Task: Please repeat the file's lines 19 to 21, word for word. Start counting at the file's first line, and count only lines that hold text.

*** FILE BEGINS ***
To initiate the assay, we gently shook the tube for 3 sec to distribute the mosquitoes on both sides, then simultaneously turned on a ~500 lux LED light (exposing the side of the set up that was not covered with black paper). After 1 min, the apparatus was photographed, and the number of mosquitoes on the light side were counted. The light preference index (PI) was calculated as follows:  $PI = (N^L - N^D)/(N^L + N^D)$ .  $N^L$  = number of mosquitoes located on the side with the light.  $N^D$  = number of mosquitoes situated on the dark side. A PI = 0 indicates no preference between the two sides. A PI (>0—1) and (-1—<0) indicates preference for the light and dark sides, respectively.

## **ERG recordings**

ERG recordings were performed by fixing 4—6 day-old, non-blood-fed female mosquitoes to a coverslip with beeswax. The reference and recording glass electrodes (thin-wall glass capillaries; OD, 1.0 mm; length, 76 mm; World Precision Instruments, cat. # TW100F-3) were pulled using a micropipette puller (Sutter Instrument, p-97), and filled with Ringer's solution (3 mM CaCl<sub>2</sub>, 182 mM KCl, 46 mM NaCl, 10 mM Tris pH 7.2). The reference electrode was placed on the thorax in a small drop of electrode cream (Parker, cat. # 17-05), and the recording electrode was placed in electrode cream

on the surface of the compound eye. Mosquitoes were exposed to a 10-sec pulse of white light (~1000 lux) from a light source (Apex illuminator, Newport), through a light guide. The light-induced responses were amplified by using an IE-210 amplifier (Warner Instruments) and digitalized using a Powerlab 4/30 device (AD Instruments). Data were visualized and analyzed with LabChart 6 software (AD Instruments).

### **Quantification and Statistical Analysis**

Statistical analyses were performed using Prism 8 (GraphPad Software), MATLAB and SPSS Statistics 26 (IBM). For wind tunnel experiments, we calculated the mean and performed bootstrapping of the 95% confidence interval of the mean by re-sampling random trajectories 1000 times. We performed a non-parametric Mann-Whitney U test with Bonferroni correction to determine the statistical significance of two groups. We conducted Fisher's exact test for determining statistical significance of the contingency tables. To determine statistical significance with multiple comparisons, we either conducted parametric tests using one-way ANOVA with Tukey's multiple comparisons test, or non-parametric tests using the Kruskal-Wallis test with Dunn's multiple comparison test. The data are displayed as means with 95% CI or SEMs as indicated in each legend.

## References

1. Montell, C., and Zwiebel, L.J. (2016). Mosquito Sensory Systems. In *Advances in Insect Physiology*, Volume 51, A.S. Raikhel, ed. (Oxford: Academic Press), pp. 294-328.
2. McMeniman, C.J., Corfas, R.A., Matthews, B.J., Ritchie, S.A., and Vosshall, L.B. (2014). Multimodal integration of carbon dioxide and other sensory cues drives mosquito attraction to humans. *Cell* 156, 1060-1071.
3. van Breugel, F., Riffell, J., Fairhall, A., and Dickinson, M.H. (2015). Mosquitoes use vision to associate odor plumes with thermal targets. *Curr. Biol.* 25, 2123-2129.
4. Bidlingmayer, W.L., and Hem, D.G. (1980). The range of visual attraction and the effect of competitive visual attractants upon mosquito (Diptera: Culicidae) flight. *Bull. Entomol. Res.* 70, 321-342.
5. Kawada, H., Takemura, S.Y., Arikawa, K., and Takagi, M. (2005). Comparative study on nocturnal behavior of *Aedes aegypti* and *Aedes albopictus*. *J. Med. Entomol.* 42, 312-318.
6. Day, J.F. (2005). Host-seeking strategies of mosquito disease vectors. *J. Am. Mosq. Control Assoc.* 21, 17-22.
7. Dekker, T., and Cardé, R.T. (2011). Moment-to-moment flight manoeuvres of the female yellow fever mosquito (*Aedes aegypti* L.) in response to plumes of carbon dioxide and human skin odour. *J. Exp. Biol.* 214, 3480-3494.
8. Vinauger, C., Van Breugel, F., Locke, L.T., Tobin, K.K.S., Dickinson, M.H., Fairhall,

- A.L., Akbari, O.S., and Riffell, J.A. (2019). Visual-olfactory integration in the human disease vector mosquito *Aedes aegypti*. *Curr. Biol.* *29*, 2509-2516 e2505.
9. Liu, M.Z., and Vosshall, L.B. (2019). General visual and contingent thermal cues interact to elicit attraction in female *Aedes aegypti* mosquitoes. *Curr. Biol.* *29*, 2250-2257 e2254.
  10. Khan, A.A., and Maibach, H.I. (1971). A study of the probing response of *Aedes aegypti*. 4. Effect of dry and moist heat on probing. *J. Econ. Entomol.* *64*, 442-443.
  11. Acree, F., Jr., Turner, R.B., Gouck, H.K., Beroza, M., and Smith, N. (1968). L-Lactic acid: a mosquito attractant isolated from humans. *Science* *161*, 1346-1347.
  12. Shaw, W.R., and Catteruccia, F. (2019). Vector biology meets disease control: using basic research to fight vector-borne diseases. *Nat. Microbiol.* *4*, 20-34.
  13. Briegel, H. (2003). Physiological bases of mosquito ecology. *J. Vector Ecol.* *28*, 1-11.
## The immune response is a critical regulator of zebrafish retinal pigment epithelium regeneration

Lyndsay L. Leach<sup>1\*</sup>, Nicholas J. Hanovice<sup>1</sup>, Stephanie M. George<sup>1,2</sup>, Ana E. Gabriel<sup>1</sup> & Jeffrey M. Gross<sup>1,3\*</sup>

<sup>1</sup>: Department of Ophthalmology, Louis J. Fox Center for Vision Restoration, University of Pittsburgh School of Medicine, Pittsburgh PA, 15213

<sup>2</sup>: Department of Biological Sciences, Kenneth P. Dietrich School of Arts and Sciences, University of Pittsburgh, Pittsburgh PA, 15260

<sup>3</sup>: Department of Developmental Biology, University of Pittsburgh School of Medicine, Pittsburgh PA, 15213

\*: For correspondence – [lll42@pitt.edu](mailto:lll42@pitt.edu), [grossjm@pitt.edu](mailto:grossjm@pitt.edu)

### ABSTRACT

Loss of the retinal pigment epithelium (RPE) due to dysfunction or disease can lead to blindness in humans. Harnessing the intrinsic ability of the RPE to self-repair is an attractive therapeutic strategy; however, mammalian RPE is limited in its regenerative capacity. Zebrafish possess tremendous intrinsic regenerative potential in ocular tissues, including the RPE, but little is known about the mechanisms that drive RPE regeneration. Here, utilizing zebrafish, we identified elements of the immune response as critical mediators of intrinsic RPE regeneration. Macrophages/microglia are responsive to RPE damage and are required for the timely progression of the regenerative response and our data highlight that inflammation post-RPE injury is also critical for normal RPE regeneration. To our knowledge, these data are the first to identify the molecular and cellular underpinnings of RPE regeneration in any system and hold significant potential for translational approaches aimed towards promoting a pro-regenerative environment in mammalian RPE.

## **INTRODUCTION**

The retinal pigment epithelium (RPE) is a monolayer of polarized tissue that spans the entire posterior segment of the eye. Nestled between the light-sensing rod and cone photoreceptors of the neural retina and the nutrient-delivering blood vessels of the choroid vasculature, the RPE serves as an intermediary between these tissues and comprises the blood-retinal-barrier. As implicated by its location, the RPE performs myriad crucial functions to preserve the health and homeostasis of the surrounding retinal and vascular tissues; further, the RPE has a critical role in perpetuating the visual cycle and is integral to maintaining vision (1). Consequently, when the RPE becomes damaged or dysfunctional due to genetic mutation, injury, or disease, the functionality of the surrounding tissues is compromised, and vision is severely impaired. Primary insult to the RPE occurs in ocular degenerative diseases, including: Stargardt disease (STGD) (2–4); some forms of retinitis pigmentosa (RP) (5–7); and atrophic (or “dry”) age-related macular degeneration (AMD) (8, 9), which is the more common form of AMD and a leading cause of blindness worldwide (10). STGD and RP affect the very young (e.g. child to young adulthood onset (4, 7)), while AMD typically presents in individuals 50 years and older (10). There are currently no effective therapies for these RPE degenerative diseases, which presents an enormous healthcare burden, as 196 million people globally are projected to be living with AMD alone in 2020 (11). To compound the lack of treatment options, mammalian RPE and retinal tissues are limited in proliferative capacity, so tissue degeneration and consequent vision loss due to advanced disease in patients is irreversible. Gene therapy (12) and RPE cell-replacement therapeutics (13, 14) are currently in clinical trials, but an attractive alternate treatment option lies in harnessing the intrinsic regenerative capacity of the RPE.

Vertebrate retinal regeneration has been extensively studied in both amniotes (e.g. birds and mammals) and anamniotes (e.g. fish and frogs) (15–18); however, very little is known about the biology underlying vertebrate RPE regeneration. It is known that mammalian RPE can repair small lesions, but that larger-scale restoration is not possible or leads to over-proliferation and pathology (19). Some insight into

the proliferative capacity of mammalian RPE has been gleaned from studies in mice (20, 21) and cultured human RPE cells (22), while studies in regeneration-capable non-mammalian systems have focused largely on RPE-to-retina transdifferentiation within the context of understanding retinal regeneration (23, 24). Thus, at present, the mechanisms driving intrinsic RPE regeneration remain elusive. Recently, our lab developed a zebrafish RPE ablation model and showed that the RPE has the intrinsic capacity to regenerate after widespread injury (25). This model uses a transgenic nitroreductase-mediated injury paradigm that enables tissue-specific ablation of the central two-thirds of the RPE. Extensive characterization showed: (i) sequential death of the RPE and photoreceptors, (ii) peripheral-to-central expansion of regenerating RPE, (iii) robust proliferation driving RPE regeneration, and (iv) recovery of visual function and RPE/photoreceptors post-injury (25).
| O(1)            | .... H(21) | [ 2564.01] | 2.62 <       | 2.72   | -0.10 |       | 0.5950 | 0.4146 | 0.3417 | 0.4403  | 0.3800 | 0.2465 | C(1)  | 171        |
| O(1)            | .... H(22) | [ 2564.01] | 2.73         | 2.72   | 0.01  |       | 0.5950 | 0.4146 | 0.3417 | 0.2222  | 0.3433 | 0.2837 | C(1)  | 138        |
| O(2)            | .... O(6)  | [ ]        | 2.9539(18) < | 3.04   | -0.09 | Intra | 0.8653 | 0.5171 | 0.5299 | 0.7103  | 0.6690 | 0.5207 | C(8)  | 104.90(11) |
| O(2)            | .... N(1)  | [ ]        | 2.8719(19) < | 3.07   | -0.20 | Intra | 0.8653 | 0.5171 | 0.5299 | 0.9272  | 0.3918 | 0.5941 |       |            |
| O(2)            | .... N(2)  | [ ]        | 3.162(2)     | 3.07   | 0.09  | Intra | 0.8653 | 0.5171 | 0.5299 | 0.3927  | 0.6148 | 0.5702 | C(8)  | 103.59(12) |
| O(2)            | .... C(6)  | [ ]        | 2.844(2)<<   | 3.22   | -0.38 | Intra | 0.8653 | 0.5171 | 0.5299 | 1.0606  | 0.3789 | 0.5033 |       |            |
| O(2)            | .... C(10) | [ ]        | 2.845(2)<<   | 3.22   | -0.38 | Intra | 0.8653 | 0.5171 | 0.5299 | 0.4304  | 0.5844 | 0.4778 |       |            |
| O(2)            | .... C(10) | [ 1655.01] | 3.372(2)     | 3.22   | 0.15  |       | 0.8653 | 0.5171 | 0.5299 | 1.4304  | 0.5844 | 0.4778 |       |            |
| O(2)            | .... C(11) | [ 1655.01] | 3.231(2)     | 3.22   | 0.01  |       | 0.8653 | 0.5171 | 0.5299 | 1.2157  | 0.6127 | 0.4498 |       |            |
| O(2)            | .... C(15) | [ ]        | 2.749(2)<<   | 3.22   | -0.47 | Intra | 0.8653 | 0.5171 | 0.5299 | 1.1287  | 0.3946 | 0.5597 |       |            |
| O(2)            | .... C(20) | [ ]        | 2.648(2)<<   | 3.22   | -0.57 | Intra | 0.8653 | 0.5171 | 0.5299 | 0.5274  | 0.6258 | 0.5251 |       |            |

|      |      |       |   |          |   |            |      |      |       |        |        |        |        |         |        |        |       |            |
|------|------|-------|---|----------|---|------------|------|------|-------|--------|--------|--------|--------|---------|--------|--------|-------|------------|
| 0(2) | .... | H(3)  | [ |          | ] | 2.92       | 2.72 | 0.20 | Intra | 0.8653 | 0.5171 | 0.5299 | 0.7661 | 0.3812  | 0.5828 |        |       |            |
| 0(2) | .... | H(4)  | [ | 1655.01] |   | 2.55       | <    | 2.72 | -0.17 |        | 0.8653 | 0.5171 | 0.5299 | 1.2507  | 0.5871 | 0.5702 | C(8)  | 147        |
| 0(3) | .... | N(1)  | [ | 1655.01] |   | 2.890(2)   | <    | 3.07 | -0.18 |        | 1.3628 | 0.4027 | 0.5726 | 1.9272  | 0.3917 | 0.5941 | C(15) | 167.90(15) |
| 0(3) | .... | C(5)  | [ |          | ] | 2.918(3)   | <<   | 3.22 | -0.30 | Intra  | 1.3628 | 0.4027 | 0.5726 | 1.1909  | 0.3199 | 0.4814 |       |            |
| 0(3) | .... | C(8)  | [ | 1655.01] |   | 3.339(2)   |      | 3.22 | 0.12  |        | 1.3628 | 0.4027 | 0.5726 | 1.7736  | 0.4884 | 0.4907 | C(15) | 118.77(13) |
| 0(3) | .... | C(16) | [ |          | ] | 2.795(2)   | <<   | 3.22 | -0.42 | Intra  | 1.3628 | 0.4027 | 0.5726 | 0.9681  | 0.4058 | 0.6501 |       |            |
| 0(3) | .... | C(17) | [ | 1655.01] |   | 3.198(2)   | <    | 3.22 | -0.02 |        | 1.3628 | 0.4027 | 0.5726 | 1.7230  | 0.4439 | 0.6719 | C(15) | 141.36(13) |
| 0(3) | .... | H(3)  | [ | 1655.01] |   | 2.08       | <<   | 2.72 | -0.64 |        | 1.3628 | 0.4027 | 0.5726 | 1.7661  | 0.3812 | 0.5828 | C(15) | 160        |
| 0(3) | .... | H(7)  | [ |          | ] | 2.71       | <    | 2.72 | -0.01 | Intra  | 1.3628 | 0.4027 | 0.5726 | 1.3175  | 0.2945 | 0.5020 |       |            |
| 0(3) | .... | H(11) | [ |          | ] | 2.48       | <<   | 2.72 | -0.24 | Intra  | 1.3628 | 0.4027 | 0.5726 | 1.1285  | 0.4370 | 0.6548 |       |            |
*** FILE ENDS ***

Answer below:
  11. Acree, F., Jr., Turner, R.B., Gouck, H.K., Beroza, M., and Smith, N. (1968). L-Lactic acid: a mosquito attractant isolated from humans. *Science* *161*, 1346-1347.
  12. Shaw, W.R., and Catteruccia, F. (2019). Vector biology meets disease control: using basic research to fight vector-borne diseases. *Nat. Microbiol.* *4*, 20-34.
  13. Briegel, H. (2003). Physiological bases of mosquito ecology. *J. Vector Ecol.* *28*, 1-11.